About two thousand bullfights annually take place across Spain, but recent polls show that public support has significantly waned. Supported by some and labeled by others as “the school of cruelty” and “a national shame” – the act remains quite controversial as it is a gruesome and violent spectacle that successfully blurs the lines between art form and cruelty. It seems that this mixed response doesn’t only exasperate the world’s animal rights groups and those who advocate acts of peace, but it also goes on to affect the very people of Spain – sparking up some regional actions in regards to the legality of the practice. It was in 2010 that Catalonia took some final actions on the matter.

The first recorded bullfight from Catalonia dates as far back as 1387, well-preceding the early 18th century years in which the practice took its modern spectator sport form. Catalonia was known for its historic rings such as Plaça Clarà in Olot and Figueres, where the tradition was practiced until the region became the second autonomous community (after the Canary Islands, 1991) in Spain to finalize a bullfighting ban in 2010. The popularity of the sport dwindled by the start of the 21st century, and according to a tweet by the mayor of Barcelona, Ada Colau: “Barcelona has been an anti-bullfighting city since 2004” adding to that the fact that the Catalan capital will not permit animal mistreatment any more. The Catalan parliament approved the ban on the 28th of July 2010 after a petition organized by the PROU platform gathered 180,000 in favor of putting an end to the cruel tradition. Their slogan was “Tortura ni es art, ni es cultura!” meaning torture is neither art nor culture. A backlash of mixed parliament reactions resulted with 68 votes for the ban and 55 against it, putting an end to the practice and a repurposing of the historical Catalan bullrings:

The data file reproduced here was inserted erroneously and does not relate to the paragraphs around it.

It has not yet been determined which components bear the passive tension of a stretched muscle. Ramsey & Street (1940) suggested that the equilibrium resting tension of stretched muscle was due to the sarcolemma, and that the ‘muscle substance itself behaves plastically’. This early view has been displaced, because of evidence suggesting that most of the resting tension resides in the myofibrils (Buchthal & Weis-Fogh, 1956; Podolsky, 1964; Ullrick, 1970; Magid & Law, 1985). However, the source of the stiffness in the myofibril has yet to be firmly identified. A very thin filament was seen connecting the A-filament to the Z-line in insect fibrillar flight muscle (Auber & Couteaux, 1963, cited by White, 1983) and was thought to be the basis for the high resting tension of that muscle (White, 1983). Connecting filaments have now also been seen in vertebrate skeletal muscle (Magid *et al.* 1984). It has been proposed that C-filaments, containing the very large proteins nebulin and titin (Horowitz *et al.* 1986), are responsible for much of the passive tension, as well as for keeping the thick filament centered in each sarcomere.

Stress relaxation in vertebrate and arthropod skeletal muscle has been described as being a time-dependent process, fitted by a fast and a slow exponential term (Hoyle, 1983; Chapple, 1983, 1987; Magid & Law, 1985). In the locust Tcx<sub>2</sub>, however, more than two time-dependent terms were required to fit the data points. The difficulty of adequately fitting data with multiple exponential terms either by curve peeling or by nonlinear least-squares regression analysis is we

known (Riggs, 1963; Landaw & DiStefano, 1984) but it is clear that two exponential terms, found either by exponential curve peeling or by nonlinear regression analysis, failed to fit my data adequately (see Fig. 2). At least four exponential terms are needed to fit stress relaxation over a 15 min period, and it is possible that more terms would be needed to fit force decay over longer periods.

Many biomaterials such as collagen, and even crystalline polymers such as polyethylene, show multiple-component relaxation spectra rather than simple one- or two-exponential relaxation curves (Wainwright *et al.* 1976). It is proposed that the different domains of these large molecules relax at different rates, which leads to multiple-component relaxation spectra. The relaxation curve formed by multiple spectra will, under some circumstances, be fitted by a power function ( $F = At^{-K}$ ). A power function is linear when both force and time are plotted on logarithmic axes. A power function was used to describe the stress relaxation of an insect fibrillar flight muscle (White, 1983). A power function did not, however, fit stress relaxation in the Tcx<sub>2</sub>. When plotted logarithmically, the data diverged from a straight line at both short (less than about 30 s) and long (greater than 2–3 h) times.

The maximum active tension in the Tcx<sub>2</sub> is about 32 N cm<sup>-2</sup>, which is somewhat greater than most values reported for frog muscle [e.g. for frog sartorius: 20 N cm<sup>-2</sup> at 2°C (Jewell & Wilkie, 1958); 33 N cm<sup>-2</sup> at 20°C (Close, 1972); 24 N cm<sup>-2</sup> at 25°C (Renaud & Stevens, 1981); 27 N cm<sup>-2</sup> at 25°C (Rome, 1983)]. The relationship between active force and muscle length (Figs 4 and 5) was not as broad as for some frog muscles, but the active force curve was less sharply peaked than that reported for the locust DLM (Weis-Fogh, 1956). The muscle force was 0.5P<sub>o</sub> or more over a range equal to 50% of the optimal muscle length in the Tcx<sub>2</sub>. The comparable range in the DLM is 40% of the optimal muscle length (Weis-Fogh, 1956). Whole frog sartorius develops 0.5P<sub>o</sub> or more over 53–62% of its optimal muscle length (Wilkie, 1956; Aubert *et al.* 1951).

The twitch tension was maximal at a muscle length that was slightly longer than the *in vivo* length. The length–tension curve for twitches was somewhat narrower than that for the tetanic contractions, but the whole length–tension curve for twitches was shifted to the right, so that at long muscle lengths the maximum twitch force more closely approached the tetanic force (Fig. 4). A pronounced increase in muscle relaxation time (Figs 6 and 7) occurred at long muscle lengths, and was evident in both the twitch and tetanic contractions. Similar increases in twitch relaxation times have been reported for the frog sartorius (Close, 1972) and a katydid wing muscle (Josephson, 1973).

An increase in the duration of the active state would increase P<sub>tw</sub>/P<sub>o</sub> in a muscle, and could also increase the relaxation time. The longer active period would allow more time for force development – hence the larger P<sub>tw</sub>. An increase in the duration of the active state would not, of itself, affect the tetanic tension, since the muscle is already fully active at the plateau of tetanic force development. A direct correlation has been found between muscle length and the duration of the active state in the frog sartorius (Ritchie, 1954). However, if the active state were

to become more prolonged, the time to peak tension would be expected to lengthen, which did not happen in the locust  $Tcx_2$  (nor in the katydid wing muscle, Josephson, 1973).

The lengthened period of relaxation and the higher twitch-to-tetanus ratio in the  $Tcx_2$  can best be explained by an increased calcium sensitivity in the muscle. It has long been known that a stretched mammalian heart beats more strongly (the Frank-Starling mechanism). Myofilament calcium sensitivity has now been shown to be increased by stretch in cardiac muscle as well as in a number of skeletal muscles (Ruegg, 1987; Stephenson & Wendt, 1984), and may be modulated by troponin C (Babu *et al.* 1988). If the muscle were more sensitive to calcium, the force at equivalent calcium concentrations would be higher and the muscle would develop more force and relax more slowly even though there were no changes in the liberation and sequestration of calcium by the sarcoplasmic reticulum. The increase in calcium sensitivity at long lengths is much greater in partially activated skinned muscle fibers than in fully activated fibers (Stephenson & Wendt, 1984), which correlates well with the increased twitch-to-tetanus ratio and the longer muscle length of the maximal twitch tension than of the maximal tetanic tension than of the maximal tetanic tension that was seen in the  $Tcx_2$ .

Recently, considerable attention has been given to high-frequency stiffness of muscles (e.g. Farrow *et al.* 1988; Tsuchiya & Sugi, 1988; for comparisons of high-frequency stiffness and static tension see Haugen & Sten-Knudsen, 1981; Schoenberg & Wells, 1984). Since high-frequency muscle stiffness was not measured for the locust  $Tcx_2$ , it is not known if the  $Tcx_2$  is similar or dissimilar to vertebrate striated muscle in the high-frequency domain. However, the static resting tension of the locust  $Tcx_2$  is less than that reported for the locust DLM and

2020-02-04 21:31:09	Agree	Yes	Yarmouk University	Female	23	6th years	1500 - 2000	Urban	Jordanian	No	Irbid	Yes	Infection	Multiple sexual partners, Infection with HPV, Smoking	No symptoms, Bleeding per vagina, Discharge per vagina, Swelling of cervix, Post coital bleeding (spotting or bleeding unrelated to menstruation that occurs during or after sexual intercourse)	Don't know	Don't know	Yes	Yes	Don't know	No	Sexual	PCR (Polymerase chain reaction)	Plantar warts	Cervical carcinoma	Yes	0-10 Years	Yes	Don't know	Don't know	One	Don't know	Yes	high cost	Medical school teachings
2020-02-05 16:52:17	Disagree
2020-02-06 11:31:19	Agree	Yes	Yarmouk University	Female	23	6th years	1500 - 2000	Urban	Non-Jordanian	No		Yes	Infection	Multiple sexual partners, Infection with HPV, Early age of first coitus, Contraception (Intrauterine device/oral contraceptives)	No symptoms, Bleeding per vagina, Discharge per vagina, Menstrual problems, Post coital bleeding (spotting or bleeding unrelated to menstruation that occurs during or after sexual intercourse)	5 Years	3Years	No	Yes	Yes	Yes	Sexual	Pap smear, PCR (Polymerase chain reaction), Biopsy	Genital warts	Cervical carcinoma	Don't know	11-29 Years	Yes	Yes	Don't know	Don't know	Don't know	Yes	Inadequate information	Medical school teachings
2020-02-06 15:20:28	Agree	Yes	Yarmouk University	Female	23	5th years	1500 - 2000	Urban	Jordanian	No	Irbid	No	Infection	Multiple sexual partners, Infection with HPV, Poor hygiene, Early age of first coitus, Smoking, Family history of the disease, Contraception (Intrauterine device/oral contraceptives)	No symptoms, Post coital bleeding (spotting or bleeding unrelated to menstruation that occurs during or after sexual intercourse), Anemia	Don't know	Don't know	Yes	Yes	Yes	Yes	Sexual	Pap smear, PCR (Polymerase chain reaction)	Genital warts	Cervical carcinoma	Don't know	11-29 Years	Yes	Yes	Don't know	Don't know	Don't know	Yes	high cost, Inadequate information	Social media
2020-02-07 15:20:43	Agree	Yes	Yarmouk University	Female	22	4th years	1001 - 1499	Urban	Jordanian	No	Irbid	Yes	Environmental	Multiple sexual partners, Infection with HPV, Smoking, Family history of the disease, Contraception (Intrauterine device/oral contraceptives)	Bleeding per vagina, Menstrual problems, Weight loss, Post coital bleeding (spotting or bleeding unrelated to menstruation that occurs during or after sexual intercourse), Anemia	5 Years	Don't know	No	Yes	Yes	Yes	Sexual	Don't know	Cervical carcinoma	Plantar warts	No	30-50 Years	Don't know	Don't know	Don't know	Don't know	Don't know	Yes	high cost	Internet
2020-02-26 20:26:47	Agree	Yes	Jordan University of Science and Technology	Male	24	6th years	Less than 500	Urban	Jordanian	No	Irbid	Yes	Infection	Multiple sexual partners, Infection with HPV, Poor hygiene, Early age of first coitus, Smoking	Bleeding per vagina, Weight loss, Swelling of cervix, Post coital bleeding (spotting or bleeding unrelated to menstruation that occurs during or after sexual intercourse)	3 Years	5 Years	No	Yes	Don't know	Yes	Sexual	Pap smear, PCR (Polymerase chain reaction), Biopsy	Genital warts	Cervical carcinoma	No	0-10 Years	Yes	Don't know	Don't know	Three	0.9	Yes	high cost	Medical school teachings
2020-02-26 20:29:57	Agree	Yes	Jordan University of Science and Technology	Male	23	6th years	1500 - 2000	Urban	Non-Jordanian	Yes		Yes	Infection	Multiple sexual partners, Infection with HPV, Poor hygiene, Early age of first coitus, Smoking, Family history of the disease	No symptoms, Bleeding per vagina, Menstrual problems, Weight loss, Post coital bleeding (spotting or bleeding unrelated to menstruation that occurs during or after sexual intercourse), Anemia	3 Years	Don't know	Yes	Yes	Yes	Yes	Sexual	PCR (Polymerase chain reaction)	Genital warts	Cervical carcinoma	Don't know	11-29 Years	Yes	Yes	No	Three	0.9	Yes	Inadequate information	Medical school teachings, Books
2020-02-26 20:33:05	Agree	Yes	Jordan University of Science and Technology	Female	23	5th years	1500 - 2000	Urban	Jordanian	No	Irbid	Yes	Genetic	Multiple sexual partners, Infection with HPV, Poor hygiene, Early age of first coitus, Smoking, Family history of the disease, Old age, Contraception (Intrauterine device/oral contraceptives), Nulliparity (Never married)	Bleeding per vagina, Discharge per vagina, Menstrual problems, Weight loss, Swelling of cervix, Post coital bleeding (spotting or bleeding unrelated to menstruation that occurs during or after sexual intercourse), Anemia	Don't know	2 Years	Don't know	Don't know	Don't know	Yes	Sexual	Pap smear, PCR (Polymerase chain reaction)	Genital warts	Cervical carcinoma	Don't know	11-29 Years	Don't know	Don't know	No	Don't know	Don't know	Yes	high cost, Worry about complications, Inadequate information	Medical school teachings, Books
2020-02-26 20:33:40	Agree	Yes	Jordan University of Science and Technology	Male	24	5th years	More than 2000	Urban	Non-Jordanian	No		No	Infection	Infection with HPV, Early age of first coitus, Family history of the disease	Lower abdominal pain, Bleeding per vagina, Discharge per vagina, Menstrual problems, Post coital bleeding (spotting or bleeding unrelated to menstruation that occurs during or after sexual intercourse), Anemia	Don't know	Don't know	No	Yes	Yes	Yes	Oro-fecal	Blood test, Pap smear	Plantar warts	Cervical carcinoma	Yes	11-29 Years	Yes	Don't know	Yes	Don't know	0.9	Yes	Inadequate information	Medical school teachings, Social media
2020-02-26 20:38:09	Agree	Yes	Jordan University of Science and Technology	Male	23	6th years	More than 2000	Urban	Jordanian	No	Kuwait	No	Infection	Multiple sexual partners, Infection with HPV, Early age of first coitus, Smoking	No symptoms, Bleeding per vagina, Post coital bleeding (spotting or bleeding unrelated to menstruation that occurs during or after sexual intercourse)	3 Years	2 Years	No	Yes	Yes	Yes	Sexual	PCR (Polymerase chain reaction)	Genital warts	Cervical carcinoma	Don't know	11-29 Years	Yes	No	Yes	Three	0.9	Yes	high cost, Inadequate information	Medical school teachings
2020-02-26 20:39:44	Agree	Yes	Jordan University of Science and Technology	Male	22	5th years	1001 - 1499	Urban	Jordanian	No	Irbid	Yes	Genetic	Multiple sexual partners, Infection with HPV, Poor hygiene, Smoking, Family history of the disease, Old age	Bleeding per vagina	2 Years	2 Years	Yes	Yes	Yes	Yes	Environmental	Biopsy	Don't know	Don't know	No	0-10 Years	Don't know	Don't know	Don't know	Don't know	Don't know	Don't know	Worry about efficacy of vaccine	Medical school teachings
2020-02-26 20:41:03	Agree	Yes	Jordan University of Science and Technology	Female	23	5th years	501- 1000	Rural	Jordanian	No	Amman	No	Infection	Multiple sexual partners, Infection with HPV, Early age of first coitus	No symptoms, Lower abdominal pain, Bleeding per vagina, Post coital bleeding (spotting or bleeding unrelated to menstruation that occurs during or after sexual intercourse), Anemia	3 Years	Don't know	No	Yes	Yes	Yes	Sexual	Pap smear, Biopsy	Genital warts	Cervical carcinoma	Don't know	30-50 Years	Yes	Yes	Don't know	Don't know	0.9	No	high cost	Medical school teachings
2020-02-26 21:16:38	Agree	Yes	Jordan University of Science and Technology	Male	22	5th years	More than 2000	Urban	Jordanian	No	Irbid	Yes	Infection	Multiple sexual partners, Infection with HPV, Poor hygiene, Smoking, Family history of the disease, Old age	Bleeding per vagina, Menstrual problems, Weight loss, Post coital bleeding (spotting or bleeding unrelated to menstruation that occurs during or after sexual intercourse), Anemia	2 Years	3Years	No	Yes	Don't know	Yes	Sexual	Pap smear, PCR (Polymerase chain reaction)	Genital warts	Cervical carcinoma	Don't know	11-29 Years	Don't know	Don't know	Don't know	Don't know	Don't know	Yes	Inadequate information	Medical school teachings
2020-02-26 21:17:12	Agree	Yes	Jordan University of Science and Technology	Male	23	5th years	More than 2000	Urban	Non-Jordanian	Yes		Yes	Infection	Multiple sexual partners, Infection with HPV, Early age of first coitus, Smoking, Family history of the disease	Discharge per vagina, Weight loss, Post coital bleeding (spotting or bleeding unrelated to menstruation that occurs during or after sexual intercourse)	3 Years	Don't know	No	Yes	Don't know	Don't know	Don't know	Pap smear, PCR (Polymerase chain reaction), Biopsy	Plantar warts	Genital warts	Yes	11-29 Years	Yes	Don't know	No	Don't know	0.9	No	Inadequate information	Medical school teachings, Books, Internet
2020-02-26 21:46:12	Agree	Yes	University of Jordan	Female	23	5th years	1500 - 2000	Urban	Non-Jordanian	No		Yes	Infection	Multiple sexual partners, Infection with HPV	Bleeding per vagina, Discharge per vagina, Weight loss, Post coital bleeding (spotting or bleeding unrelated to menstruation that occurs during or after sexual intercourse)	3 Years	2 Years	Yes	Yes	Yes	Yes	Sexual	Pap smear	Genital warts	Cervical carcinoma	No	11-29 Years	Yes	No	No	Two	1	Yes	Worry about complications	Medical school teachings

- Las Arenas on Barcelona's Plaça d'Espanya was transformed into a shopping and leisure center.

- Tarraco Aerna Plaça was transformed into a futuristic “space-ship-like” arena that hosts concerts, sport events and the Castells competition whereby participants compete to form the biggest human pyramid.

- La Monumental, known to have had the last commercial bullfight in Catalonia, currently hosts sporting, musical and circus events.

- Olot and Figueres both have the oldest yet abandoned bullrings, accessed by visitors every September for Correbous.